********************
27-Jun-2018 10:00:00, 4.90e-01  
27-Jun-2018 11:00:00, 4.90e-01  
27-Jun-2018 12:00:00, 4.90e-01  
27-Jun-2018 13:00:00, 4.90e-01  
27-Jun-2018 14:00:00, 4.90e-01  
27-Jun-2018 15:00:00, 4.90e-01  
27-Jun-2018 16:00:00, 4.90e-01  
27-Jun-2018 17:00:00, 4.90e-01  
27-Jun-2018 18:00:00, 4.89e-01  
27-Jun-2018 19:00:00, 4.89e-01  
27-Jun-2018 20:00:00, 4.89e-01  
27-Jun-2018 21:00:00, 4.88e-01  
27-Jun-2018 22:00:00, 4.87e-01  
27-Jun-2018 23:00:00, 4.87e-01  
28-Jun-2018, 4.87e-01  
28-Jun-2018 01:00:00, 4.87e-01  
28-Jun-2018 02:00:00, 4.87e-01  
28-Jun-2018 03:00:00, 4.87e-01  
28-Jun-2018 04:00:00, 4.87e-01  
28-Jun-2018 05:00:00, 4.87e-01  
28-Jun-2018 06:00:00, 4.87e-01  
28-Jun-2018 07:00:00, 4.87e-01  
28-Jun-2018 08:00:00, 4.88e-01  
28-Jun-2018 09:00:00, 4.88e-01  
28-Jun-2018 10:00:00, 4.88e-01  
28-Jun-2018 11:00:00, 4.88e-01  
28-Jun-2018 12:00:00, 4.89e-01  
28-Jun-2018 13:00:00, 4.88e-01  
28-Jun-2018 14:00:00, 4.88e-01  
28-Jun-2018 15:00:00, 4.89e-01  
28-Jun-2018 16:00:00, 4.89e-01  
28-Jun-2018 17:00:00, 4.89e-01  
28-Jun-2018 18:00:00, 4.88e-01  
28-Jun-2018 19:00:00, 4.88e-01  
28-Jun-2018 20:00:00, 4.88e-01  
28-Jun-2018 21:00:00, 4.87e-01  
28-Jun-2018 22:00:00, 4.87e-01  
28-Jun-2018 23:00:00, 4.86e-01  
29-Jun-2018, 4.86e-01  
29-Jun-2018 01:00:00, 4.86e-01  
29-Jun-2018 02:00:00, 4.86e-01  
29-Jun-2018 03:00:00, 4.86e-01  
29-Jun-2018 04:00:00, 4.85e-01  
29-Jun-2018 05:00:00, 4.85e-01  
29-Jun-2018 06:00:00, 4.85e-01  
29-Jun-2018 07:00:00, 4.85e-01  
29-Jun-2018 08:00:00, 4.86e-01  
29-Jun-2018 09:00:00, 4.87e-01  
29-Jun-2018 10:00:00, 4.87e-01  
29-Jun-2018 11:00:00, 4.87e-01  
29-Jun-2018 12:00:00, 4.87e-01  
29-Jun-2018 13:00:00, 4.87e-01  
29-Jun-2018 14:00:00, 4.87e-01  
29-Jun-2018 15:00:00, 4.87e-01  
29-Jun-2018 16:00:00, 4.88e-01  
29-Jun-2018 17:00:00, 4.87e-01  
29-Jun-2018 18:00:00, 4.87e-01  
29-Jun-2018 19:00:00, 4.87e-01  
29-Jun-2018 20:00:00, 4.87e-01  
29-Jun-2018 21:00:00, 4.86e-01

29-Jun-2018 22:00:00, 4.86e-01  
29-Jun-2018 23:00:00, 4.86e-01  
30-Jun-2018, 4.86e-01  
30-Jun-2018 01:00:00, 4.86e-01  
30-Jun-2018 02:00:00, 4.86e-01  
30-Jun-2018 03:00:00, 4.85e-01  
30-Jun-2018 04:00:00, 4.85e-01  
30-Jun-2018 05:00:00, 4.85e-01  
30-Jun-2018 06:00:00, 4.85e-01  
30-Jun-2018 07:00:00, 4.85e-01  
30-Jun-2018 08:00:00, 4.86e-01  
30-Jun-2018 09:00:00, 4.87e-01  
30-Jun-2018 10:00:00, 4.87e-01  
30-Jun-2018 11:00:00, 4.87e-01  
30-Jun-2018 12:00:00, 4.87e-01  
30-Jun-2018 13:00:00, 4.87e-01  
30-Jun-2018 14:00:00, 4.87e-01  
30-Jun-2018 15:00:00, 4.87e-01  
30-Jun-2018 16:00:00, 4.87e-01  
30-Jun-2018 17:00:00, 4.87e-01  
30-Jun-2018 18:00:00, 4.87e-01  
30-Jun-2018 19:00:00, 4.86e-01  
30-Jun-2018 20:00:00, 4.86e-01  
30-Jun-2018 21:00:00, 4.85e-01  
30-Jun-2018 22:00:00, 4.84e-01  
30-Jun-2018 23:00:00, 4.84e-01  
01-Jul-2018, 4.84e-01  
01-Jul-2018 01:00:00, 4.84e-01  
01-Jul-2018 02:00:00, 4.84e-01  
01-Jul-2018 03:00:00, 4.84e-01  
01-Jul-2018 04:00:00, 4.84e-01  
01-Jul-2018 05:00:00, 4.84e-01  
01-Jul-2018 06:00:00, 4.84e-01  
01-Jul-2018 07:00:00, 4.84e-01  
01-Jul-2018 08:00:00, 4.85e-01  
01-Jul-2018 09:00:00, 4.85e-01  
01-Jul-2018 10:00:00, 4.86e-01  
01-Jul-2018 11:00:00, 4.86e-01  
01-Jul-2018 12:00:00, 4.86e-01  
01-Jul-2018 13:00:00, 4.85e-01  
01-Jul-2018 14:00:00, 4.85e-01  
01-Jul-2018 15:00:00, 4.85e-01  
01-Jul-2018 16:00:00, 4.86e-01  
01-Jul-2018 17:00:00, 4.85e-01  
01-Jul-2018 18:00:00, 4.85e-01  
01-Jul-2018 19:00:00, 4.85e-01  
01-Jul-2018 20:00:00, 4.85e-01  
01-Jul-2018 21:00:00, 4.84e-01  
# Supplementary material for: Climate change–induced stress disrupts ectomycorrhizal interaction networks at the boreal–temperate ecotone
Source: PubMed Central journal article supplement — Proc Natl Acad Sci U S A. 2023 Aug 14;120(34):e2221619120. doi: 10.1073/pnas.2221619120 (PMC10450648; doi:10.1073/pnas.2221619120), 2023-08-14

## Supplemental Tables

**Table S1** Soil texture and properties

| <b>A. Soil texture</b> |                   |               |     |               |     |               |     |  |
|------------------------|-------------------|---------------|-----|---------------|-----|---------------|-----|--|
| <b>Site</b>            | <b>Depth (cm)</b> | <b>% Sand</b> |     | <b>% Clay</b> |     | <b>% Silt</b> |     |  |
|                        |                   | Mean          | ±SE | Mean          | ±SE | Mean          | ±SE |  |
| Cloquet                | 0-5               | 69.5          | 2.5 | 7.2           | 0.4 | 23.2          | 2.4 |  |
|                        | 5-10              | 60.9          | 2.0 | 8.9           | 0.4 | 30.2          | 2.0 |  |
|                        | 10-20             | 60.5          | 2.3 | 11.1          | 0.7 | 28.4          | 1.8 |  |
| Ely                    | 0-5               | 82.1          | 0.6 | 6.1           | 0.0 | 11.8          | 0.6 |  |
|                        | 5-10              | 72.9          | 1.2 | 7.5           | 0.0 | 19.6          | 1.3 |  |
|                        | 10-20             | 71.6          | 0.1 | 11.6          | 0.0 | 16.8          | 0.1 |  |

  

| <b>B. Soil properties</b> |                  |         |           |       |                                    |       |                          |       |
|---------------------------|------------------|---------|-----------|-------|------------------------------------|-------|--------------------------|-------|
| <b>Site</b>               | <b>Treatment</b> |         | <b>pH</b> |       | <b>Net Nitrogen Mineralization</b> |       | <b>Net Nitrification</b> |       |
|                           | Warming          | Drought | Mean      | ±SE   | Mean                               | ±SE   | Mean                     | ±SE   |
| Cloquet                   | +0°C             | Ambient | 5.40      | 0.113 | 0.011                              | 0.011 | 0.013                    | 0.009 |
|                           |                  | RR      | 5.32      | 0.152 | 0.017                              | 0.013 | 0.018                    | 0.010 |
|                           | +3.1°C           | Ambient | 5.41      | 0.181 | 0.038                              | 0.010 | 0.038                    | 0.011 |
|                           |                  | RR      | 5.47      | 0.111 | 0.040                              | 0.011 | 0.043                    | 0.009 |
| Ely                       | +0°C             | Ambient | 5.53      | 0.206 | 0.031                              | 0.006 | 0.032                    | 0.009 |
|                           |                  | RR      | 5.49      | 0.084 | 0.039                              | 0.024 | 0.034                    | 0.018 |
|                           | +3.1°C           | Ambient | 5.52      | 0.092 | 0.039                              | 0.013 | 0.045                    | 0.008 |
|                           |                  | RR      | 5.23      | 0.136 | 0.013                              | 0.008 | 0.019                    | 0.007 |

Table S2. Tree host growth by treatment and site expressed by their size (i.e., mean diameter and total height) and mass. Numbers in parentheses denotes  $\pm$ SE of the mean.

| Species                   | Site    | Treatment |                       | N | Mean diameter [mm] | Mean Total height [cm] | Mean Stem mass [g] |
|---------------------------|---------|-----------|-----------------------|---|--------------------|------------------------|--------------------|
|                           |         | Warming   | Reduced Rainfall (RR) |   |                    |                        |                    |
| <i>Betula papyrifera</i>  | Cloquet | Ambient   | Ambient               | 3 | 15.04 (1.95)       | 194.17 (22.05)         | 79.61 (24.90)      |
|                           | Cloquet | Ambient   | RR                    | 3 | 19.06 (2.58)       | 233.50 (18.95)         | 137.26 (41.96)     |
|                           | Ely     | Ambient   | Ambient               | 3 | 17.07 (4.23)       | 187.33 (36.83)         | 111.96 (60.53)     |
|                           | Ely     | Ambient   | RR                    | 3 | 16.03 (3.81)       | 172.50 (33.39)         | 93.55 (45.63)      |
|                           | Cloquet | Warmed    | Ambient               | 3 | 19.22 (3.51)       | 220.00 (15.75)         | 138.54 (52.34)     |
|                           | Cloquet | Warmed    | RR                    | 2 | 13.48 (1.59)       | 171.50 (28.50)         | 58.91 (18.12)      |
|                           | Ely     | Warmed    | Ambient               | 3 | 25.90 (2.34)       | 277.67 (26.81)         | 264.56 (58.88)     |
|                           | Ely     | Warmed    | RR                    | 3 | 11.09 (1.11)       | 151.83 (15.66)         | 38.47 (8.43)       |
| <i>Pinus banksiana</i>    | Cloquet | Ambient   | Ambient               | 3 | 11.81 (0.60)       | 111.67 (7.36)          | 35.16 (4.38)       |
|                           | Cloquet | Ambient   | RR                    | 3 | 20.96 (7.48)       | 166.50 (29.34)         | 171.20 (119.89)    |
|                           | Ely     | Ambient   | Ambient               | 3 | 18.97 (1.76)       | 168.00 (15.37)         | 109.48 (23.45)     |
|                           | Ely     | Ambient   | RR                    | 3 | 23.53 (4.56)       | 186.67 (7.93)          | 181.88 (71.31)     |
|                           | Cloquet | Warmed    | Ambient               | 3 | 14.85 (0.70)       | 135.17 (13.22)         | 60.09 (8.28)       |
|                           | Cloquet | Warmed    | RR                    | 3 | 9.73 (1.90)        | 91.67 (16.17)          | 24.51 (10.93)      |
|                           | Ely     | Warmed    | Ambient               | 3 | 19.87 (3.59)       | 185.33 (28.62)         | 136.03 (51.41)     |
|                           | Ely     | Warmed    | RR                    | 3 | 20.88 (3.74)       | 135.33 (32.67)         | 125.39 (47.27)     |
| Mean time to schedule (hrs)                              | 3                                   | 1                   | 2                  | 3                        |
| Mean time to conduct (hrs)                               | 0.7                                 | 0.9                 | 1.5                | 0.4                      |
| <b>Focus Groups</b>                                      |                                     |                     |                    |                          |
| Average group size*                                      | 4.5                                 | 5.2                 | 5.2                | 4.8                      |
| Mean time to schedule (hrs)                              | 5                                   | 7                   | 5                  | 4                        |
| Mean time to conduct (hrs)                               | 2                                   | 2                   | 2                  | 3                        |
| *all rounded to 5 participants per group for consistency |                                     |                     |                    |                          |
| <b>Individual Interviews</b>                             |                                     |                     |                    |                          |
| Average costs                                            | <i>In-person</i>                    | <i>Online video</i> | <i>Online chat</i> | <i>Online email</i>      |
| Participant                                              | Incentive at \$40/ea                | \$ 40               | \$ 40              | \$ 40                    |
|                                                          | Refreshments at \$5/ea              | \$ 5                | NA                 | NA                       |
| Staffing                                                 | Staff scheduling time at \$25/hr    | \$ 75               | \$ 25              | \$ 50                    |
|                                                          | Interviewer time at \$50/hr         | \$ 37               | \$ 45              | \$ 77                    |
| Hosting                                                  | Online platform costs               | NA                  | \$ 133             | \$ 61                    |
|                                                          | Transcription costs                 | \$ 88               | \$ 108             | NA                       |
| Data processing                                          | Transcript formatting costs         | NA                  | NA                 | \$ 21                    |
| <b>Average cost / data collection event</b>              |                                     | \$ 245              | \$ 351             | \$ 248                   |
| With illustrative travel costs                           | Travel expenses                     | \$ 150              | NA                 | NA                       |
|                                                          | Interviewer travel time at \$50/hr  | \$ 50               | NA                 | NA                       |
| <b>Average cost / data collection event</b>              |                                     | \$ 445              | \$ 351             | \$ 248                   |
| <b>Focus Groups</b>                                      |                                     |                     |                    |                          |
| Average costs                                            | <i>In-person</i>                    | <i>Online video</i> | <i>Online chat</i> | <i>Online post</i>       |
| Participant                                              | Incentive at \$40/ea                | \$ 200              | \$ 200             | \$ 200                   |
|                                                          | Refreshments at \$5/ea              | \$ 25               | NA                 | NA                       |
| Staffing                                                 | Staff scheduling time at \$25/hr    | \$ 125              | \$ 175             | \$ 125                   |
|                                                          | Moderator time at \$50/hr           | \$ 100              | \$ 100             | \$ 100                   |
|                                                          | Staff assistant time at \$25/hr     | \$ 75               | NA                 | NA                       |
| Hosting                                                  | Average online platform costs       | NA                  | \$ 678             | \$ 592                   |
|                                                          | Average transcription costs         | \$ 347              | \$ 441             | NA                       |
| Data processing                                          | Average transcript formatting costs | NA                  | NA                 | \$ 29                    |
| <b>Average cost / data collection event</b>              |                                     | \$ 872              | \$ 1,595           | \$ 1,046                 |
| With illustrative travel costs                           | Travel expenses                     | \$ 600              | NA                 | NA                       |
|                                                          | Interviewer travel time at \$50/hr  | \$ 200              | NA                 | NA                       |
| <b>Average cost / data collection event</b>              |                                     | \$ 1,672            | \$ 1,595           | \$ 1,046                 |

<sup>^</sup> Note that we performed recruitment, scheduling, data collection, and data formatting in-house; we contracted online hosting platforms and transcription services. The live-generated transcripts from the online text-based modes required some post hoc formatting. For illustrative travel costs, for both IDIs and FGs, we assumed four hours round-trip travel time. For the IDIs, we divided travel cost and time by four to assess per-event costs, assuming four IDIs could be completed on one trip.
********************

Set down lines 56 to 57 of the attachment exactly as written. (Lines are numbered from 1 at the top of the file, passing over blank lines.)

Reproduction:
29-Jun-2018 17:00:00, 4.87e-01  
29-Jun-2018 18:00:00, 4.87e-01  